WARMER WINTER ADVENTURES
WORDS BY MICHAEL BORG
Believe it or not, winter can be an awesome time for camping. The cooler days mean you’re not sweating like a pig in an overbaked sauna, there’s less snakes and spiders around to give you the fright of your life and even your 4WD will run cooler while towing the family chariot from camp to camp. But there is one downside: it can get darn cold! Yep, who would have thought it, eh? Not to worry, though. We’ve got plenty of tricks up our sleeve to ensure you can turn the coldest of nights into the cosiest of camping experiences. So, pop your Ugg Boots on, light up the campfire and get ready to warm your soul with are exclusive guide to cold weather camping!
1. CHOOSE GOOD FIREWOOD
To get a good campfire going, you’re going to need good wood to burn. How do you know which wood is the best? Well, density and water content typically determine the quality of firewood. The denser and drier the firewood, the better it will burn and the more heat it can produce.
Hardwood varieties generally haver higher density levels and less sap, making them the wood of choice. But, like all firewood it needs to be seasoned (dried) in order to be nice and dry.
2. TOP TIPS
Dealing with wet wood
During the colder months, timber can absorb moisture making it harder to burn, particularly when you’re initially lighting your campfire. Here are a few tips to get you on the right path.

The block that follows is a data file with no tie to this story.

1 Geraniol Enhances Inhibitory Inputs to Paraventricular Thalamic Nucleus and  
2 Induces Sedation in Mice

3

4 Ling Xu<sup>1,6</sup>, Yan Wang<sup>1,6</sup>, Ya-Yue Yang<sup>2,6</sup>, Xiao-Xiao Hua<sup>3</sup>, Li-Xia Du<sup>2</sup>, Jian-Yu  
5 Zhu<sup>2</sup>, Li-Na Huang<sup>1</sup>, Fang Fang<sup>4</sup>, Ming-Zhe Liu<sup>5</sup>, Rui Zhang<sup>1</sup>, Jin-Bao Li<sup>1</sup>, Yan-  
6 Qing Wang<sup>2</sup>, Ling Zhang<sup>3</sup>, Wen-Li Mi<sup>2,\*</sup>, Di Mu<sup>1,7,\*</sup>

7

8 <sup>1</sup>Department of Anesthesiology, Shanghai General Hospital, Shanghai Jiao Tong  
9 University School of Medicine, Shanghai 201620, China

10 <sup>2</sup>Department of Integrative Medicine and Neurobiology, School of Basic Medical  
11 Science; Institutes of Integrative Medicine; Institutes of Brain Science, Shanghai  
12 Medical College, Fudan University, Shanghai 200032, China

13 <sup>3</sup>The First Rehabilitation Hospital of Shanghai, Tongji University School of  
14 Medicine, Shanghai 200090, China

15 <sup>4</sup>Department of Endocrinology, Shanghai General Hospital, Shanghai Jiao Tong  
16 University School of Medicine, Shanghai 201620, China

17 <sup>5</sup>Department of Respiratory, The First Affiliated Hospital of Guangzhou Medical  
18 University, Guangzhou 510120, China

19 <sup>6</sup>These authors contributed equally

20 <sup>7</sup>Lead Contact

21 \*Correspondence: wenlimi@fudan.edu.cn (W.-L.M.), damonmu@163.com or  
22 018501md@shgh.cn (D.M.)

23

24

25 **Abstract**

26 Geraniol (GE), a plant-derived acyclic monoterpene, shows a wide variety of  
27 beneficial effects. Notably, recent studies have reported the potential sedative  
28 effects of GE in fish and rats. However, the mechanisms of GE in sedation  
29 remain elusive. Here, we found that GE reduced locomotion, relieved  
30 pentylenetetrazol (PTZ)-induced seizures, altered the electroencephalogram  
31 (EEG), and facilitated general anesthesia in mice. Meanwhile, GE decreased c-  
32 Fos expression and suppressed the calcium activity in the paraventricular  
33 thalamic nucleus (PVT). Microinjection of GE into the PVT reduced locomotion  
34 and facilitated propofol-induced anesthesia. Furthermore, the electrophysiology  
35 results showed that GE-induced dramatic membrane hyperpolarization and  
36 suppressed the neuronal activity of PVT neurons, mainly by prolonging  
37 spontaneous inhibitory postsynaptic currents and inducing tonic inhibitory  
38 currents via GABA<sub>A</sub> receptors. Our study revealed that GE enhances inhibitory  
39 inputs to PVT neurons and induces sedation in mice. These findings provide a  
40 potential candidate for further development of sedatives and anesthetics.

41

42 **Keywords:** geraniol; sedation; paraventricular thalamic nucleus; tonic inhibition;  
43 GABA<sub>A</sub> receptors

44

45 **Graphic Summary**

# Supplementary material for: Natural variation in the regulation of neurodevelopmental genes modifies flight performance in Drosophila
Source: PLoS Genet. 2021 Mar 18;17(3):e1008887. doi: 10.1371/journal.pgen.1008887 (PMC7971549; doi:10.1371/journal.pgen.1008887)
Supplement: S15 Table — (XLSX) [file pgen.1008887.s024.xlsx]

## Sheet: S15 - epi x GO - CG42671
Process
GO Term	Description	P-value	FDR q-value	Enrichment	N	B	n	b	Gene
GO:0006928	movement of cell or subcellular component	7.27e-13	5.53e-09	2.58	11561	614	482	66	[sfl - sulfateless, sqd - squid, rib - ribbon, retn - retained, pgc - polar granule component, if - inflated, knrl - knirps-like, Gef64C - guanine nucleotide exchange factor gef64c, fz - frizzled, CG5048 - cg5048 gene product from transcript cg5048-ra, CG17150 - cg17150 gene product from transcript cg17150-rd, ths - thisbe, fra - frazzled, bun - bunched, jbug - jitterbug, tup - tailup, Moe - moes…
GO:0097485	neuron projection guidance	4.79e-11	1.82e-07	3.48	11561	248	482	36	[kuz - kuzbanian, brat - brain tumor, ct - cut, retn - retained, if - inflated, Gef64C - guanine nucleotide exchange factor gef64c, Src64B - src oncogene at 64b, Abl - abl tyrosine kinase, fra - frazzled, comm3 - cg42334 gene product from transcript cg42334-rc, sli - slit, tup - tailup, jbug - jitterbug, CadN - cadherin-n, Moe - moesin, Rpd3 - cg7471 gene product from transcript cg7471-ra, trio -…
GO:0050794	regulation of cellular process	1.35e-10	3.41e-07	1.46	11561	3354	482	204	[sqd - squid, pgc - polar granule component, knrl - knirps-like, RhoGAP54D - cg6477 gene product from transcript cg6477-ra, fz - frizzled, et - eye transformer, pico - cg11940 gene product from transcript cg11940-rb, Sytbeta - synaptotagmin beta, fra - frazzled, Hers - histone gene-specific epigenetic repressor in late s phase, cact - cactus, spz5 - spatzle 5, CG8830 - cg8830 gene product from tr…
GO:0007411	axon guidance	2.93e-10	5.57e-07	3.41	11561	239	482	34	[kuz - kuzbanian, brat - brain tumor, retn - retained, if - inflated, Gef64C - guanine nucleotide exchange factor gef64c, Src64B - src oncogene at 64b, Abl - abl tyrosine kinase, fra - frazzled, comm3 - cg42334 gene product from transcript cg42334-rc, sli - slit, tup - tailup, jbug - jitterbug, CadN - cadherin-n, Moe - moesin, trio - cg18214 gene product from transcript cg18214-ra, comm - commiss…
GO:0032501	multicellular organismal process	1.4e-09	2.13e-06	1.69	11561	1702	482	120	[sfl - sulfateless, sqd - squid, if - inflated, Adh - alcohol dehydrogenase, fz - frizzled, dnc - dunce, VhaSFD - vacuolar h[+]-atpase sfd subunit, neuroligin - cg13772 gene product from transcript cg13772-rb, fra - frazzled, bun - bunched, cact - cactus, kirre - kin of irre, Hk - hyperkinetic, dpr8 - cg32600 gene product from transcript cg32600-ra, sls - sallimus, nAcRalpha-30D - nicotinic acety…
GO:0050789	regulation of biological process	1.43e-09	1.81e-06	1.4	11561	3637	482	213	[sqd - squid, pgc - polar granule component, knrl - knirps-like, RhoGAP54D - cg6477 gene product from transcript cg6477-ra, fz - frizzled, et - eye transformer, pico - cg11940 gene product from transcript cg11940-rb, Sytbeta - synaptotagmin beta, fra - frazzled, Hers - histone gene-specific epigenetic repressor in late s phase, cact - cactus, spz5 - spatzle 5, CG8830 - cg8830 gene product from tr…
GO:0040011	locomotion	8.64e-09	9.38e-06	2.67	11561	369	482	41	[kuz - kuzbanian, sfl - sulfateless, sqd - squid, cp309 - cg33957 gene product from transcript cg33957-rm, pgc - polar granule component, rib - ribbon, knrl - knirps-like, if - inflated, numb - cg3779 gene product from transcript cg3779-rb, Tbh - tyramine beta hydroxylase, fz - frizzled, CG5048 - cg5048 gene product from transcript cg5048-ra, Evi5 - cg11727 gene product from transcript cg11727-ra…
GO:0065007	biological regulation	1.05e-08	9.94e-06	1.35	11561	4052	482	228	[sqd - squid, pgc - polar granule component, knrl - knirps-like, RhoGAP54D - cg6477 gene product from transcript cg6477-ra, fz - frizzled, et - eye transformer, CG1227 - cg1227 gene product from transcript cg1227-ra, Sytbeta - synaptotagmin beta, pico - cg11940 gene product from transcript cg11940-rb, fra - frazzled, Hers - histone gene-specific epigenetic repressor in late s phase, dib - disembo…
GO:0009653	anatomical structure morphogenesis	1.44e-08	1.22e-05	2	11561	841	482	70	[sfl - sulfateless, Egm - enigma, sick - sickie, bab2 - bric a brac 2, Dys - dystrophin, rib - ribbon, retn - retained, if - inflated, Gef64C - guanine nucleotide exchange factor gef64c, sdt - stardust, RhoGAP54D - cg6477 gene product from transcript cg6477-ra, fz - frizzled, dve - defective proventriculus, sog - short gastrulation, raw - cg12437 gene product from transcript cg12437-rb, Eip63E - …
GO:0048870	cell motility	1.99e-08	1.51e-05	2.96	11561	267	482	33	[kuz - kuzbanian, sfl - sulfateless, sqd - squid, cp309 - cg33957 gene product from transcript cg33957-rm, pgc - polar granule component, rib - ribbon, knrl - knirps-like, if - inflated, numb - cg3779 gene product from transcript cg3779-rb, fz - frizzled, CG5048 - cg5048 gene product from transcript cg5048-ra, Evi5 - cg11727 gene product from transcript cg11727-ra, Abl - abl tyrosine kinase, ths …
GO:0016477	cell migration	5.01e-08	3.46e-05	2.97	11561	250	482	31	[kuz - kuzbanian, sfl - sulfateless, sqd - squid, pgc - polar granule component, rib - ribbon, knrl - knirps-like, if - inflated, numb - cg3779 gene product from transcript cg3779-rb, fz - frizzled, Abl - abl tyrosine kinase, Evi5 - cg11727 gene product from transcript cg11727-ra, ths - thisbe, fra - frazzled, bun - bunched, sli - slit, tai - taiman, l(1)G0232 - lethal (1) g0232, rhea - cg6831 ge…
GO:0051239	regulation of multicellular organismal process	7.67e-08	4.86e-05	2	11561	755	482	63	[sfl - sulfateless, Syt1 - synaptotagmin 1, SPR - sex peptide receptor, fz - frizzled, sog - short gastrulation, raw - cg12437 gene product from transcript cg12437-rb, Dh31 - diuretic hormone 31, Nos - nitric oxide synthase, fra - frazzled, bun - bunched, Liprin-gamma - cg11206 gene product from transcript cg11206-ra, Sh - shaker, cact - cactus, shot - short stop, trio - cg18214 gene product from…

– Wood that is sitting up and off the ground is less likely to be waterlogged or rotten.
– Look for wood that has been standing upright as any moisture within is likely to drain towards the bottom, leaving the top half nice and dry.
– Initially, soft woods like Pine are easier to ignite in damp or cold conditions.
3. PRE-HEATED SLEEPING BAG
Pre-heat your whole swag with a small shovel load of coals under your swag’s stretcher half an hour before bedtime. It works great under your camp chair too!
4. COMPACT CAMPING
Sleeping in a smaller, enclosed area will allow your body heat to fill up the space at a faster rate and keep it balanced throughout the night. So, where possible, try to reduce the size of your sleeping quarters by partitioning it off from the rest of your tent. The kids will also be a lot warmer in their own swags inside the main tent.
5. EMERGENCY BLANKET INSULATION
A great way to add a layer of insulation to your bed is to line under your mattress with an emergency blanket. Ensure the shiny side is facing down, which will help it to repel the cold air as it rises from the ground.
6. HOT WATER SYSTEMS
With several different designs to pick from, it can be tricky to choose the right system to suit your needs. The key to selecting the most suitable option is to get a good understanding of what need from your hot water system. Let’s have a closer look at what hot water systems are currently available.
Ultra – Rapid Storage HWS: This design is perfect if you need a design that can recover quickly for the next shower. It’s also great if you need it to be small and light weight and want a simple and reliable system.
AquaGo Instantaneous HWS: A great option for anyone who likes to take long showers without the worry of the water going cold. Great for families as you only need to keep water up to it. It weighs less than 16 Kgs, never scolds, and supplies a constant temperature.